Ricky Gervais’s wit in the 3rd season of After Life was overwhelmed by sentimentality – a review


It’s not often that a series can win you over and then push you away so suddenly After life not The Netflix a comedy drama created, written and produced and acted by Ricky Gervais (at least he stopped recording themed songs) was one of Netflix’s less exciting success stories. In the first two seasons, Gervais, in the role of Tony, a misanthropic widower taken over by grief after the death of his wife, struck an awkward balance between comedy and pathos, ranging from cynicism to stupidity in the scene. But when it worked, it worked – and After lifeThe third season, starting today, is almost the same beast.

He appears with Tony, who is still unhappy and combative as ever, still working as a feature writer for the local newspaper Tambury. His social circle is made up of friends, co-workers and various local freaks like Matt (Tom Basden), his brother-in-law and boss Kath (Diane Morgan), his lone colleague and EmmaAccessories(Ashley Jensen), a nurse with whom Tony enjoys a persistent Platonic friendship. Tony is a curious role for Gervais as he plays it safe and stretches too much at the same time. It’s best in comic mode; as a withering, sarcastic straight man is comfortable at home. When he plays personalities closer to his own than here, he acts genuinely smart and fun. But whenever he has to offer a moment of real emotion, it’s harder to buy it.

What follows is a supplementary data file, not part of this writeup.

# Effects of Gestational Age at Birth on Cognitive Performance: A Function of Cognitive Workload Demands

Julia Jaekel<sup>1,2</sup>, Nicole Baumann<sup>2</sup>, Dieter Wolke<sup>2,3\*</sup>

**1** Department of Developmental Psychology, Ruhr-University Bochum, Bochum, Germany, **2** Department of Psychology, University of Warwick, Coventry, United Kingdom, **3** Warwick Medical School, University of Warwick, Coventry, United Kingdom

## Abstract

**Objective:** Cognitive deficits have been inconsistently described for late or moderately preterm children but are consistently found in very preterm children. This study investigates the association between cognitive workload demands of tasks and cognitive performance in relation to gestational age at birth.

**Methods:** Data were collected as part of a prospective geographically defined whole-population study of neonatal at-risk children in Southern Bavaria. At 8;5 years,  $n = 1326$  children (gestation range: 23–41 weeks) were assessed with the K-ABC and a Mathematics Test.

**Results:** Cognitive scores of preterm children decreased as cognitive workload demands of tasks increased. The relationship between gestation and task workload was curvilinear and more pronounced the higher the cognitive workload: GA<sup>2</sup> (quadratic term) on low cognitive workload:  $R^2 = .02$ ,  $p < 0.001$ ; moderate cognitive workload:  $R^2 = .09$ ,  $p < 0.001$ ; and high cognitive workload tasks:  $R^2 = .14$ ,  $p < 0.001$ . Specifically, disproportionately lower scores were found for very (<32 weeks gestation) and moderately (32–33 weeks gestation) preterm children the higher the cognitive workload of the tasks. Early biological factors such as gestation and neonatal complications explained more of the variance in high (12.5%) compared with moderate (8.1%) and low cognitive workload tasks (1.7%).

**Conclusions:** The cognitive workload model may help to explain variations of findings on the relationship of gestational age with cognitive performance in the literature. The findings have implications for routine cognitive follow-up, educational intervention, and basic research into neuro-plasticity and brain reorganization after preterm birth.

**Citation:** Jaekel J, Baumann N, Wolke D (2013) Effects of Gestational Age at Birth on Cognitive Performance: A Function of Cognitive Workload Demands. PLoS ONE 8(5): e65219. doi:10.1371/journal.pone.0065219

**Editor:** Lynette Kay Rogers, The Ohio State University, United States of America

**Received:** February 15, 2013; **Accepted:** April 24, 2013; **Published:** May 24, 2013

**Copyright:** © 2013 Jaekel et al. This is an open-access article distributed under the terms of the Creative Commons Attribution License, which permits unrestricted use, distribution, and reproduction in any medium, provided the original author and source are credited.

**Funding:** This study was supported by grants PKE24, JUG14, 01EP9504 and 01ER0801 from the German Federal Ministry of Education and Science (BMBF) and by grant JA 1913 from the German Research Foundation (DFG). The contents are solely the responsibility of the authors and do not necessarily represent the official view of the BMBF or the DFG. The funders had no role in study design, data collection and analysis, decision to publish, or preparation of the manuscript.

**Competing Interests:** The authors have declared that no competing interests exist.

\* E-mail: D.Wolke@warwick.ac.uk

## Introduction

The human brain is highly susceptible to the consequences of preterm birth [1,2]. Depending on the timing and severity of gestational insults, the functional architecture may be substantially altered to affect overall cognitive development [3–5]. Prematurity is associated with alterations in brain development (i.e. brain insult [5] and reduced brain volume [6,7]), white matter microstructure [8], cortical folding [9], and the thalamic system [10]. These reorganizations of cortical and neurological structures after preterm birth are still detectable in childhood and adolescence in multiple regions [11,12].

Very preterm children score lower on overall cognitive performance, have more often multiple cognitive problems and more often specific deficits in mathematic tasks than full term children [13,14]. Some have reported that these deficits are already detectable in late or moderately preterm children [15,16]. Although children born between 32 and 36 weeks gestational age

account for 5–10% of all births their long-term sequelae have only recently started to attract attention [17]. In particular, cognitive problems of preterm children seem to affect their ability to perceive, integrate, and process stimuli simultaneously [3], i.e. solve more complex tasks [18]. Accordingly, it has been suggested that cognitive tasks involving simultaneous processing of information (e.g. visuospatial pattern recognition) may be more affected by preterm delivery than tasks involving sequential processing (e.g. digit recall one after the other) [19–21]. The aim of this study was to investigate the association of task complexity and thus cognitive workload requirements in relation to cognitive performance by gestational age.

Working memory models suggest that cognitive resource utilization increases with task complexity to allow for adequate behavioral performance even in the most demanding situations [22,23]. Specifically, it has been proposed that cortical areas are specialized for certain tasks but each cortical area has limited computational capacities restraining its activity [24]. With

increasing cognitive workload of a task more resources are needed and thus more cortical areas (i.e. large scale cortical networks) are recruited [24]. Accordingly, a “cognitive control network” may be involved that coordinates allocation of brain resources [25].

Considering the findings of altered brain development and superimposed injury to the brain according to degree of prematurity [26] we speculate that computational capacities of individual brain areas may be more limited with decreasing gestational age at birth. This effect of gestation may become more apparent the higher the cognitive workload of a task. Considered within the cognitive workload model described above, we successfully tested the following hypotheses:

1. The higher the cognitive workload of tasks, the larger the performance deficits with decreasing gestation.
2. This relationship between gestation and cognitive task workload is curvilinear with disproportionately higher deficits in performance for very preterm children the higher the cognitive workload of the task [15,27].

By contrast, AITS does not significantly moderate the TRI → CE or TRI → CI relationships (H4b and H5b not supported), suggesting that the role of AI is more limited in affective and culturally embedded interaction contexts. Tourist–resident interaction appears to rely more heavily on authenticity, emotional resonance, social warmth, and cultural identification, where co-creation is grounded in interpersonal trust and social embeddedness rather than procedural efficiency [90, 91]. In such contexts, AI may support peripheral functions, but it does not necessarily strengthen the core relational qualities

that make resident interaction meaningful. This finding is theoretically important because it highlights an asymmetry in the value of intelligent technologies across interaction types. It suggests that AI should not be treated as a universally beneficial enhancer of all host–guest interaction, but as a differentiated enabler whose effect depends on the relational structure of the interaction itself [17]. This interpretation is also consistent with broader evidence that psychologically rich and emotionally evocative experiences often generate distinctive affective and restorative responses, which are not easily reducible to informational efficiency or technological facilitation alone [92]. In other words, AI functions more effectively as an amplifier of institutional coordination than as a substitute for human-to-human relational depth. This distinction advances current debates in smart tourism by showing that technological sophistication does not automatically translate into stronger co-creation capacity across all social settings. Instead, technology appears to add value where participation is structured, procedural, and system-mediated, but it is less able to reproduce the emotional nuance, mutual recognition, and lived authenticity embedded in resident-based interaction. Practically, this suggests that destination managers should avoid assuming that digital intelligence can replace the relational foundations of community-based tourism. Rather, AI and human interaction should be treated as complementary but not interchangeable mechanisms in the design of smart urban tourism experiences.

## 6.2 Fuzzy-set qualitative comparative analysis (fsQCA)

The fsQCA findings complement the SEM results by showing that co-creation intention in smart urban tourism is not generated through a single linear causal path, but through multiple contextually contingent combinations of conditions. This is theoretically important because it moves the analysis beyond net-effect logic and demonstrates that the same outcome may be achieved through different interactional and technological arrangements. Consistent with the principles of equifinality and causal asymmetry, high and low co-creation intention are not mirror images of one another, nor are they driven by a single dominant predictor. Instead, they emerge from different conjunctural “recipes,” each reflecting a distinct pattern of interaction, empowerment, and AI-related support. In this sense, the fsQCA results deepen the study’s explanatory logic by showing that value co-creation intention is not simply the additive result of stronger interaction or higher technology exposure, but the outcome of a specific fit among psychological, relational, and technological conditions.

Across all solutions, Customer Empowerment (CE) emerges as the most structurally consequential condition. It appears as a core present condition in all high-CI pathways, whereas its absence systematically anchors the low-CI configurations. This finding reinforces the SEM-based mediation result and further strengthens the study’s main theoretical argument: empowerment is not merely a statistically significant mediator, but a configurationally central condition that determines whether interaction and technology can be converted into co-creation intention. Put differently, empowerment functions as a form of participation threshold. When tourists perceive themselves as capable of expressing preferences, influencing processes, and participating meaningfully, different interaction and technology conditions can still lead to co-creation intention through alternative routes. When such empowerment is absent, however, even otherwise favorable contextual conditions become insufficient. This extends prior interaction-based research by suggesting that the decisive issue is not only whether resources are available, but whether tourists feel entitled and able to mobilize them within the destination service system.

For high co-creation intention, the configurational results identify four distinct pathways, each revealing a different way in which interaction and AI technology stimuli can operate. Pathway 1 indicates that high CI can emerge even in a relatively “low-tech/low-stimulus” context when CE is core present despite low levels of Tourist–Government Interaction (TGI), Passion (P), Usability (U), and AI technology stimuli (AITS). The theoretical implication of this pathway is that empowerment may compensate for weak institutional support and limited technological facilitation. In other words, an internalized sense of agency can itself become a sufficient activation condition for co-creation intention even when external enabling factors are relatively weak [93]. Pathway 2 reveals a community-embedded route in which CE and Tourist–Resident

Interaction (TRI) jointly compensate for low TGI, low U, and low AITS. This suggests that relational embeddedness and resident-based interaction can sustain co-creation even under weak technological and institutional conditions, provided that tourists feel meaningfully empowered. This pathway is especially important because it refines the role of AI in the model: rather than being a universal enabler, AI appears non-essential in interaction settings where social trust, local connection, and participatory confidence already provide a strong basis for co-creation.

This is a problem that is not helped by writing that is similarly inclined on the comedy-drama front. If you haven’t already agreed to Gervais ’case, that probably won’t change you – anyone looking for the usual mix of pseudo-ironic homophobia, fat phobia and sexism won’t go empty-handed – but it’s definitely better than the serious part of the script. Monologues on grief and recovery are painfully banal, painfully one-dimensional; lags behind whole syrupy foods Ted Lasso.

After life he is also weird and uninvolved in the way he juggles different threads of complication. So much time in front of the screen is dedicated to the sad comedian Brian (David Earl) and his much younger friend James (Ethan Lawrence), in a story that never once intersects with Tony’s. The series was filmed when the UK was still in jail last year; this is the only explanation I can think of as to why everything seems so divided.

After all, there are little things that appeal to you After life – among them a great soundtrack, a cast of characters who don’t all look like ordinary TV stars, an outstanding performance by Morgan and a brilliant cameo by Tim Kay. Then it all breaks down with a descent into cumbersome sentimentality. If Gervais follows his usual MO, he may get a chance to redeem the ending with the final Christmas special. I hope because there are times when After life he believes he really deserves salvation.


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